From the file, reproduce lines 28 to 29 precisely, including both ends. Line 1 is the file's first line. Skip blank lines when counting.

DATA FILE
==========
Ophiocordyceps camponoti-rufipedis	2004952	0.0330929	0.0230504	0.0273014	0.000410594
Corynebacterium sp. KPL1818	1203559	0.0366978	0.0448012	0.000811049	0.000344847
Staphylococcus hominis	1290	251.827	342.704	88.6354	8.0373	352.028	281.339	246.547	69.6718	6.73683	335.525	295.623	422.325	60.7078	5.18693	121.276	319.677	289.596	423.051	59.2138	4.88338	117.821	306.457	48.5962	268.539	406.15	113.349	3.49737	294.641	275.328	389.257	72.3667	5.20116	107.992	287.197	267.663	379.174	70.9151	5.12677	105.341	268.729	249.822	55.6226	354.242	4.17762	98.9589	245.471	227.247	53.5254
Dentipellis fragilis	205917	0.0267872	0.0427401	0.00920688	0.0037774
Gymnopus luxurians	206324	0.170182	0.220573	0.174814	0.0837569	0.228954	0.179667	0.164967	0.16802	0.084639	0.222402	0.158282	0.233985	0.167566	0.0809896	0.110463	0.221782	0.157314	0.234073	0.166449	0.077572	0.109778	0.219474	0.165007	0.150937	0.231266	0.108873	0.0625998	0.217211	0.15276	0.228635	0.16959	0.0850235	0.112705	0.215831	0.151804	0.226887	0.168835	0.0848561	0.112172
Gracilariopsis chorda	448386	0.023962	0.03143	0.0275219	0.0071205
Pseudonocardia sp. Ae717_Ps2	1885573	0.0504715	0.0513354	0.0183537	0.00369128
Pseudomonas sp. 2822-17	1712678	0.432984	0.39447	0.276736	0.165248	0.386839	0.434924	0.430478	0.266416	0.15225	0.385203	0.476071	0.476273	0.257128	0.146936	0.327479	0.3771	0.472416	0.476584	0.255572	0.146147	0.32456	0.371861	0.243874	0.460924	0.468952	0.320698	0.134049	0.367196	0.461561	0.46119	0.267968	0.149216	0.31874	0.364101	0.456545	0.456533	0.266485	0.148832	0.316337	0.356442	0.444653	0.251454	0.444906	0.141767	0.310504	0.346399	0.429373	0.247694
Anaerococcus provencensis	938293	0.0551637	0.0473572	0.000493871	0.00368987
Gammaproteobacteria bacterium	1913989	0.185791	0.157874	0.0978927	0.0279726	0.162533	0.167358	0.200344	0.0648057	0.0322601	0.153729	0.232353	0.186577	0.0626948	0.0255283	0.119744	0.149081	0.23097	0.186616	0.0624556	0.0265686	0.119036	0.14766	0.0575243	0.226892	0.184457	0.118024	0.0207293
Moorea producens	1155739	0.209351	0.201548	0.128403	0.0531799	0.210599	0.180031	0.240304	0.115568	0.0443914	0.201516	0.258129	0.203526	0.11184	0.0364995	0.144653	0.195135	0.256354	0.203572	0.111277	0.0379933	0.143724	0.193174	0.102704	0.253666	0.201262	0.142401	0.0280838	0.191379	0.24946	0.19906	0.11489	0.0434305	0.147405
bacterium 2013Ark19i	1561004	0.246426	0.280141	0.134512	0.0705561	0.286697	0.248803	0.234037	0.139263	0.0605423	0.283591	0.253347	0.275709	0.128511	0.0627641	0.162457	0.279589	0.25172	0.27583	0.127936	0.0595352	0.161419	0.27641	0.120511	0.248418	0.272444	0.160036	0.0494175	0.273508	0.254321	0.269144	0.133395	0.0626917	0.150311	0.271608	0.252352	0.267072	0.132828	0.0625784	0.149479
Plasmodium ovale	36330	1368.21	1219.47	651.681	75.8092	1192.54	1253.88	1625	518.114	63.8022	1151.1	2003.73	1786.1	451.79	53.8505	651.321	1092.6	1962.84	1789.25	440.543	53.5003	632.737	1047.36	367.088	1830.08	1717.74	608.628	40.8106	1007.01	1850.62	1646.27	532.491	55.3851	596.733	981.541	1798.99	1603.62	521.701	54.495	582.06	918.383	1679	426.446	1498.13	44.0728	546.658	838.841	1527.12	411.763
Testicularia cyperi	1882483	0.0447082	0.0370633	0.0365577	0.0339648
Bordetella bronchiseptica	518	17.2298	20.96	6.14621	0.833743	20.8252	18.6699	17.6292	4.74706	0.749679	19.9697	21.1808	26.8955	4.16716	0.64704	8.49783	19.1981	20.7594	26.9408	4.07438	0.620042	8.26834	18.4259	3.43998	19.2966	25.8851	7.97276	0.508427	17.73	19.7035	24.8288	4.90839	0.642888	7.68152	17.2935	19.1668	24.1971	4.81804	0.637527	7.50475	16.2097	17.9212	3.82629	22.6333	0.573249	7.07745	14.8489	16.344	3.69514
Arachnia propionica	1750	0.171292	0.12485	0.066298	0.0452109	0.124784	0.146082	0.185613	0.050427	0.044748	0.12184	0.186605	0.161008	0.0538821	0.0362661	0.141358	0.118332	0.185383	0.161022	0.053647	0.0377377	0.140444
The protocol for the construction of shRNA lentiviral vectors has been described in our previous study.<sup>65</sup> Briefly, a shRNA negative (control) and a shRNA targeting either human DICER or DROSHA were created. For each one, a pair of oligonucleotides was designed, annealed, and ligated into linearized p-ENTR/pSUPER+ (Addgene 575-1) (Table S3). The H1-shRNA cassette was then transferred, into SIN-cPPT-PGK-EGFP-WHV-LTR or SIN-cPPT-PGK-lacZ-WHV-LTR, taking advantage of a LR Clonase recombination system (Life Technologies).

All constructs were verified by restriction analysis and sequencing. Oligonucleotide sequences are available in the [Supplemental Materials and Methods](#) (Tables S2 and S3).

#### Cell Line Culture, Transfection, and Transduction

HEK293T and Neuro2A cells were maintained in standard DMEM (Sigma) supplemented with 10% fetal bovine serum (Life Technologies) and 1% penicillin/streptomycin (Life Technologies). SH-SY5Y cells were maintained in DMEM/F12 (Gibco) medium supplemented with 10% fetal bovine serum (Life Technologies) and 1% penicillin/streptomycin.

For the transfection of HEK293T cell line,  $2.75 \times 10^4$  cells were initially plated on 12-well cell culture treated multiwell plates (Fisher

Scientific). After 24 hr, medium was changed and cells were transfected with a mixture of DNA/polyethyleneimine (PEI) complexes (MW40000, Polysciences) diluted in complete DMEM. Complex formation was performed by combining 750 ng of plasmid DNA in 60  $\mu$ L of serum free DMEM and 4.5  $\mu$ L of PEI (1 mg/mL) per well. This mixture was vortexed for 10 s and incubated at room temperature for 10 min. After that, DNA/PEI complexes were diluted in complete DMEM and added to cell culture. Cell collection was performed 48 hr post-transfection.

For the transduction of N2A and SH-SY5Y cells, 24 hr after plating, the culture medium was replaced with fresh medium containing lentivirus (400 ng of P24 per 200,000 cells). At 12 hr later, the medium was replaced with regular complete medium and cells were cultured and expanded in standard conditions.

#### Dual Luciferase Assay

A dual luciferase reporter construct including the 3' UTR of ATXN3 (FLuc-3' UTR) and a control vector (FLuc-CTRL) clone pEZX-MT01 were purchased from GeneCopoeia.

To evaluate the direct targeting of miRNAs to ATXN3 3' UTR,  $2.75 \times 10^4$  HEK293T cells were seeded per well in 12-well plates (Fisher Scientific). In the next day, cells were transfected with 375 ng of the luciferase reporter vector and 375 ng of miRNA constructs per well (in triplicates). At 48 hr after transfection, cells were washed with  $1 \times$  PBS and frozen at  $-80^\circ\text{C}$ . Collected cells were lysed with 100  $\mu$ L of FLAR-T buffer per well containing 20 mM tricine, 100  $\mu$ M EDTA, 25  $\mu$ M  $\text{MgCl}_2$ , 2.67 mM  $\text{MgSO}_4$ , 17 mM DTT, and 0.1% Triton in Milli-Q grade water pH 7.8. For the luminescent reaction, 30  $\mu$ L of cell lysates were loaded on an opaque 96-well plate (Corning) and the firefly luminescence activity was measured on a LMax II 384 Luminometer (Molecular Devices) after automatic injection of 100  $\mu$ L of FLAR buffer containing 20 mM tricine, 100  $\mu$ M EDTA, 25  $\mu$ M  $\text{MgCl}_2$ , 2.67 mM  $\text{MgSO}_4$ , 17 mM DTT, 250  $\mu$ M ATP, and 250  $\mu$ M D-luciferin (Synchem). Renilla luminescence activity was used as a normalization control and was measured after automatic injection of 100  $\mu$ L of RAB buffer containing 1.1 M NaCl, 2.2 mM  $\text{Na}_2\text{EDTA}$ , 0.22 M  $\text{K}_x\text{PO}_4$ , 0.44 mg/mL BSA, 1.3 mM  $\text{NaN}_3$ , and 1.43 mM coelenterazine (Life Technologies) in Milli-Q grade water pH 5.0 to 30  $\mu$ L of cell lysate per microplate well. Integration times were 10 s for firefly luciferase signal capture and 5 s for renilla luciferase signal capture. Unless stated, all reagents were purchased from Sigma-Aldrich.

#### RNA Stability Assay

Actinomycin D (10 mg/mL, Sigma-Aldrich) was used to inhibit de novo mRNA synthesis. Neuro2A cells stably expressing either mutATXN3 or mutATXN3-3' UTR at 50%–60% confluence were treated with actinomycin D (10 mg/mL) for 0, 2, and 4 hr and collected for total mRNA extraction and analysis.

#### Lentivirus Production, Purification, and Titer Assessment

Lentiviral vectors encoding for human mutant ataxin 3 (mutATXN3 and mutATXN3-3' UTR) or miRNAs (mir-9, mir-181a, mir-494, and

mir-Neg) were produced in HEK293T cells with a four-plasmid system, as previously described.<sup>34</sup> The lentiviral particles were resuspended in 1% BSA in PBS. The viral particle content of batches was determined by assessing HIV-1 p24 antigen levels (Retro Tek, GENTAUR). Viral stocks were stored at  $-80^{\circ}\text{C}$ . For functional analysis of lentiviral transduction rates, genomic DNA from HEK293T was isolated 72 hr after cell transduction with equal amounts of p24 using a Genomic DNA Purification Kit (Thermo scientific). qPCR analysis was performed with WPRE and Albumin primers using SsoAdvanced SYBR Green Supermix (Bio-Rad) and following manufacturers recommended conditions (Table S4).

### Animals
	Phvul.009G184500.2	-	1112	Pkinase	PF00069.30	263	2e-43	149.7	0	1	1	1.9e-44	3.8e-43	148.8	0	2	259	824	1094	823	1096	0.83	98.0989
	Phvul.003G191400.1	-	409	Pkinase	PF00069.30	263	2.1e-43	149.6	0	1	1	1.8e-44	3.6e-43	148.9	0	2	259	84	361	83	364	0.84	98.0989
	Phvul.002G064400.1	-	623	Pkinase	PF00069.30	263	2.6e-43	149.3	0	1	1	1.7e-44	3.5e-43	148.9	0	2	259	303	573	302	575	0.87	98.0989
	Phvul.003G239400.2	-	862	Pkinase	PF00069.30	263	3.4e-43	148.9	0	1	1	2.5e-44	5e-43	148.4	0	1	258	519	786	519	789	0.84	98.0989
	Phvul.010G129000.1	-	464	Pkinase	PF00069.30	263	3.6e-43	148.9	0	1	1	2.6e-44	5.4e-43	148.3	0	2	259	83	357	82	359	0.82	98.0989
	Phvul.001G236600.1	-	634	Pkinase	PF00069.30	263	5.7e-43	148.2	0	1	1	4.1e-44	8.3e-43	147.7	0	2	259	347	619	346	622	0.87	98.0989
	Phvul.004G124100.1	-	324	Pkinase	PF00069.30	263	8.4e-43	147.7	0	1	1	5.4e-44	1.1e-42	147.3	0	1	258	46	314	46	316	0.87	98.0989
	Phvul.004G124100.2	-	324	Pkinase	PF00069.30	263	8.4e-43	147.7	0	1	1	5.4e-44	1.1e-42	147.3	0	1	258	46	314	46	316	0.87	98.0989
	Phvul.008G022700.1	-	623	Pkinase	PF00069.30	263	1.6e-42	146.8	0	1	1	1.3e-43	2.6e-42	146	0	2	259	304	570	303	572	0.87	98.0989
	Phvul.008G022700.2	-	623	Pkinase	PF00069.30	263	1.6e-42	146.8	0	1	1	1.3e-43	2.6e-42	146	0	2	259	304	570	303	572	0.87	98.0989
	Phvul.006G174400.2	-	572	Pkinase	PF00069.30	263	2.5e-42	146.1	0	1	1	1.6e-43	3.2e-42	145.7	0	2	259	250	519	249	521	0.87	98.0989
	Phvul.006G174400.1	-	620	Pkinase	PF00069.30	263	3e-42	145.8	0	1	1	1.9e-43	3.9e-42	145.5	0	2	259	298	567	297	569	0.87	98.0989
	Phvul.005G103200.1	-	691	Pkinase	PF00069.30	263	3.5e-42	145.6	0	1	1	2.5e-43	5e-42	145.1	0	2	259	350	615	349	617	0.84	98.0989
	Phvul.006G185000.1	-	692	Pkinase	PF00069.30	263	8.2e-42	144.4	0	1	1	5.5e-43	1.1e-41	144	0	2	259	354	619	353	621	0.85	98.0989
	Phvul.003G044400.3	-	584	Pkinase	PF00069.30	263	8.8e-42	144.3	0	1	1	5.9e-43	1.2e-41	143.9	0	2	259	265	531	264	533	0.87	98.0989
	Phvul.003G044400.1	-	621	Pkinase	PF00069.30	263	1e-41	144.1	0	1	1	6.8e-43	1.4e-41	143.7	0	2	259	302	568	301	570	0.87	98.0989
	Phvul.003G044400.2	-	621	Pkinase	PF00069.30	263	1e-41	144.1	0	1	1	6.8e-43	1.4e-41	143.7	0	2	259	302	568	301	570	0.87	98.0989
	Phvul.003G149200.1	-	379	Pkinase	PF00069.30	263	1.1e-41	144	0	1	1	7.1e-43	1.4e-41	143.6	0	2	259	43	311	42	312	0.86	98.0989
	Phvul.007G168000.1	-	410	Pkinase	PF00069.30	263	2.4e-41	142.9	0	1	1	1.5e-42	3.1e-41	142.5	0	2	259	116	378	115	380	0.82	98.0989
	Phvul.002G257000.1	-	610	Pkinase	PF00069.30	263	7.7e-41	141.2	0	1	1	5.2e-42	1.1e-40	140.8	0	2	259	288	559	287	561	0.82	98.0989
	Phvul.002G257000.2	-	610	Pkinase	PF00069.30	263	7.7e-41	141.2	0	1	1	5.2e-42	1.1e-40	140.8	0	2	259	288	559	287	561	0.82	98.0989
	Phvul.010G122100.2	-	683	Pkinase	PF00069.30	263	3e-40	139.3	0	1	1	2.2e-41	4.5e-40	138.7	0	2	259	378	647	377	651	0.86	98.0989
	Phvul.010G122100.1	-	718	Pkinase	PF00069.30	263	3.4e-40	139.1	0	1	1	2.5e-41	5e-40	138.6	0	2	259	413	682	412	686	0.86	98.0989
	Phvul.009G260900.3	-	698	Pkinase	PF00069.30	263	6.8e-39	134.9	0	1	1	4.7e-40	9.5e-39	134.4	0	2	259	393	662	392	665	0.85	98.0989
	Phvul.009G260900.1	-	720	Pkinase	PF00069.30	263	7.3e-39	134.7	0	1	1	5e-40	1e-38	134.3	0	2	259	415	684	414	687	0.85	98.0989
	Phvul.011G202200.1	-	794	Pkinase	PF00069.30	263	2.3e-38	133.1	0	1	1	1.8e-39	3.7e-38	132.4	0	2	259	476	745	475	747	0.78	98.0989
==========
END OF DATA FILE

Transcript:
Actinomycin D (10 mg/mL, Sigma-Aldrich) was used to inhibit de novo mRNA synthesis. Neuro2A cells stably expressing either mutATXN3 or mutATXN3-3' UTR at 50%–60% confluence were treated with actinomycin D (10 mg/mL) for 0, 2, and 4 hr and collected for total mRNA extraction and analysis.

#### Lentivirus Production, Purification, and Titer Assessment